In Malawi, the United Nations Children's Emergency Fund or UNICEF is carrying out a mass screening exercise for malnutrition in children under 5 years of age, in 25 of the country's 28 districts.
The exercise is in response to a recent vulnerability assessment report, which revealed that 2.8 million people in Malawi are facing food shortages.
Early one morning, the Chamba screening center in Malawi's old capital, Zomba, is jam-packed with mothers who want their babies screened for malnutrition.
Little food or work
Eliza Kadeya's 3-year-old child was diagnosed as malnourished.
The resident of Chiwanganya village told VOA she was not surprised.
"We don't have food and it is becoming difficult even to find piecework to earn money for buying some food. And, for example, most of the babies you hear crying here is because of hunger," Kadeya said.
Malawi is currently facing the worst food shortage in a decade, largely because of flooding and drought that hit the country last year.
Recent reports from communities and villages indicate an increasing food shortage and hunger problem.
The government has been implementing its malnutrition screening and treatment program since 2002 in more than 90 percent of the county's districts.
But statistics show that 50 percent of children are being seen and treated, largely because of a lack of medical supplies in public health facilities.
UNICEF said its screening exercise, supported by Britain's Department for International Development, seeks to ensure that almost all malnourished children across the country are being taken care of.
In Zomba alone, UNICEF seeks to screen about 6,000 children through its Community Management of Acute Malnutrition program.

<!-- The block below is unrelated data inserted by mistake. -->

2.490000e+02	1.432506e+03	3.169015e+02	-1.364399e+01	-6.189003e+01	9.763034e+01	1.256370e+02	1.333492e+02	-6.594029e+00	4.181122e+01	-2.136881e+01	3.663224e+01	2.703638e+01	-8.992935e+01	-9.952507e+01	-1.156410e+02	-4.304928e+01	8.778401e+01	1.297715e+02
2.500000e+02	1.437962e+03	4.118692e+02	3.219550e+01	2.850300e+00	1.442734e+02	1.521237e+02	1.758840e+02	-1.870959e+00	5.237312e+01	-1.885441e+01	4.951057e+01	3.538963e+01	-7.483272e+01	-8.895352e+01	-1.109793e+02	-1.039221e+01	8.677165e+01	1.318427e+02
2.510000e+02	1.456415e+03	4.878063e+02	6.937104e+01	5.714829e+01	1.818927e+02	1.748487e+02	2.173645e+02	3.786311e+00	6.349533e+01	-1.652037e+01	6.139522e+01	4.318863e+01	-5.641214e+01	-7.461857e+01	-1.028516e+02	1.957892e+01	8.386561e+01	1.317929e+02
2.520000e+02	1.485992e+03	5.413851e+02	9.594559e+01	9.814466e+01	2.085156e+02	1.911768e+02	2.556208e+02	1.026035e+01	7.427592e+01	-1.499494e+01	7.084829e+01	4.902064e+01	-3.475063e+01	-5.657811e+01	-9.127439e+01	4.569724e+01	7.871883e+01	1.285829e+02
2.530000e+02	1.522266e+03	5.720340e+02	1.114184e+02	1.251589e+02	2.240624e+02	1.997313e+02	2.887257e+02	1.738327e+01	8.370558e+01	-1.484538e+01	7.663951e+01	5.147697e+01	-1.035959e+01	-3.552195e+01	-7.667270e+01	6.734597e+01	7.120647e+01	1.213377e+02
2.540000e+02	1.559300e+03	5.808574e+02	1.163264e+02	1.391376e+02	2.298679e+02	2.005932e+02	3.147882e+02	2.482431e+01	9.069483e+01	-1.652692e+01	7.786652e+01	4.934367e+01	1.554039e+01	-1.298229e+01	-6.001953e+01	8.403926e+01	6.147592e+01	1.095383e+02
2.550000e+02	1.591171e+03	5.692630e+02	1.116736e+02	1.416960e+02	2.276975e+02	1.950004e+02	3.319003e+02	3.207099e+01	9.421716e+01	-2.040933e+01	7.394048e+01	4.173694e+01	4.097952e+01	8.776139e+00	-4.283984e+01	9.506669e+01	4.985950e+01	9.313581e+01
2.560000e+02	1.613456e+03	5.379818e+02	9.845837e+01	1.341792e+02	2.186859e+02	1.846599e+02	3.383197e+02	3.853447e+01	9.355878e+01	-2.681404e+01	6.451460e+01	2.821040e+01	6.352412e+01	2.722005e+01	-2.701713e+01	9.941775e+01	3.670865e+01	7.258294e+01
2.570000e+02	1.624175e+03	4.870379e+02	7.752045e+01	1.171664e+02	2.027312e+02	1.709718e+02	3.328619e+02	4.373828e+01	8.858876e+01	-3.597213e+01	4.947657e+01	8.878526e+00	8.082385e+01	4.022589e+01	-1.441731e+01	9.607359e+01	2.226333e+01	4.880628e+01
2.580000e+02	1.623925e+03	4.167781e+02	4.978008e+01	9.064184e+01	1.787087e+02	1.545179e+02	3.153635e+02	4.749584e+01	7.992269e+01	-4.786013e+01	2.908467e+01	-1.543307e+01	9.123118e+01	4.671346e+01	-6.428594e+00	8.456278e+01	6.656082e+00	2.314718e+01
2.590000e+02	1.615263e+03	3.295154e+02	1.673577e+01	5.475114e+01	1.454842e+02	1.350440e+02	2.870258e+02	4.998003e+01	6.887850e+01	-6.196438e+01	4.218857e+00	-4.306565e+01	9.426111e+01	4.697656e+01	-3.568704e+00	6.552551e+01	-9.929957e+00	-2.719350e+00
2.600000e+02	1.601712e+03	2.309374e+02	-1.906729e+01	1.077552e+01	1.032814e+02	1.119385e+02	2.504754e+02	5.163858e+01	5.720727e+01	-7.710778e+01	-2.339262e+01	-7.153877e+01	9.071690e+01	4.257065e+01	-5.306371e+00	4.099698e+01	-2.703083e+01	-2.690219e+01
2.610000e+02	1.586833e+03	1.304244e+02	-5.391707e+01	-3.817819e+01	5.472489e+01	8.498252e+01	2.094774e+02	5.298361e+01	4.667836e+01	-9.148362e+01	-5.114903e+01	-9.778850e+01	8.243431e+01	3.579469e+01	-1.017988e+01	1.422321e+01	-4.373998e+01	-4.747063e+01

Gilbert Dachi, UNICEF's nutrition specialist, said, "We can take care of these children through supplementary feeding programs meant for children with moderate acute malnutrition. We can also take care of them through an outpatient therapeutic program where we give them therapeutic feeds.
"The other aspect is when we get children with severe acute malnutrition, we still refer them for care at any nutrition rehabilitation center," Dachi said.
Medics say if left unattended, malnutrition can be retrogressive to development.
Maggie Chiwaula, nutrition specialist in Malawi's Ministry of Health, said, "When children are malnourished, it means the caretakers will be busy taking them to hospitals for medical help. And when the child is sick [he or she] cannot understand at school. And also parents cannot even have time to go out in the fields and maybe do business when a child is sick."
Authorities said malnutrition cases can drastically decrease in Malawi if farmers are encouraged to switch from dependency on rain-fed agriculture to irrigation farming, a move they say would let them have food throughout the year.
However, national malnutrition figures have in the past few years stabilized at 60 percent, except in flood-hit districts of Chikwawa, Phalombe and Nsanje.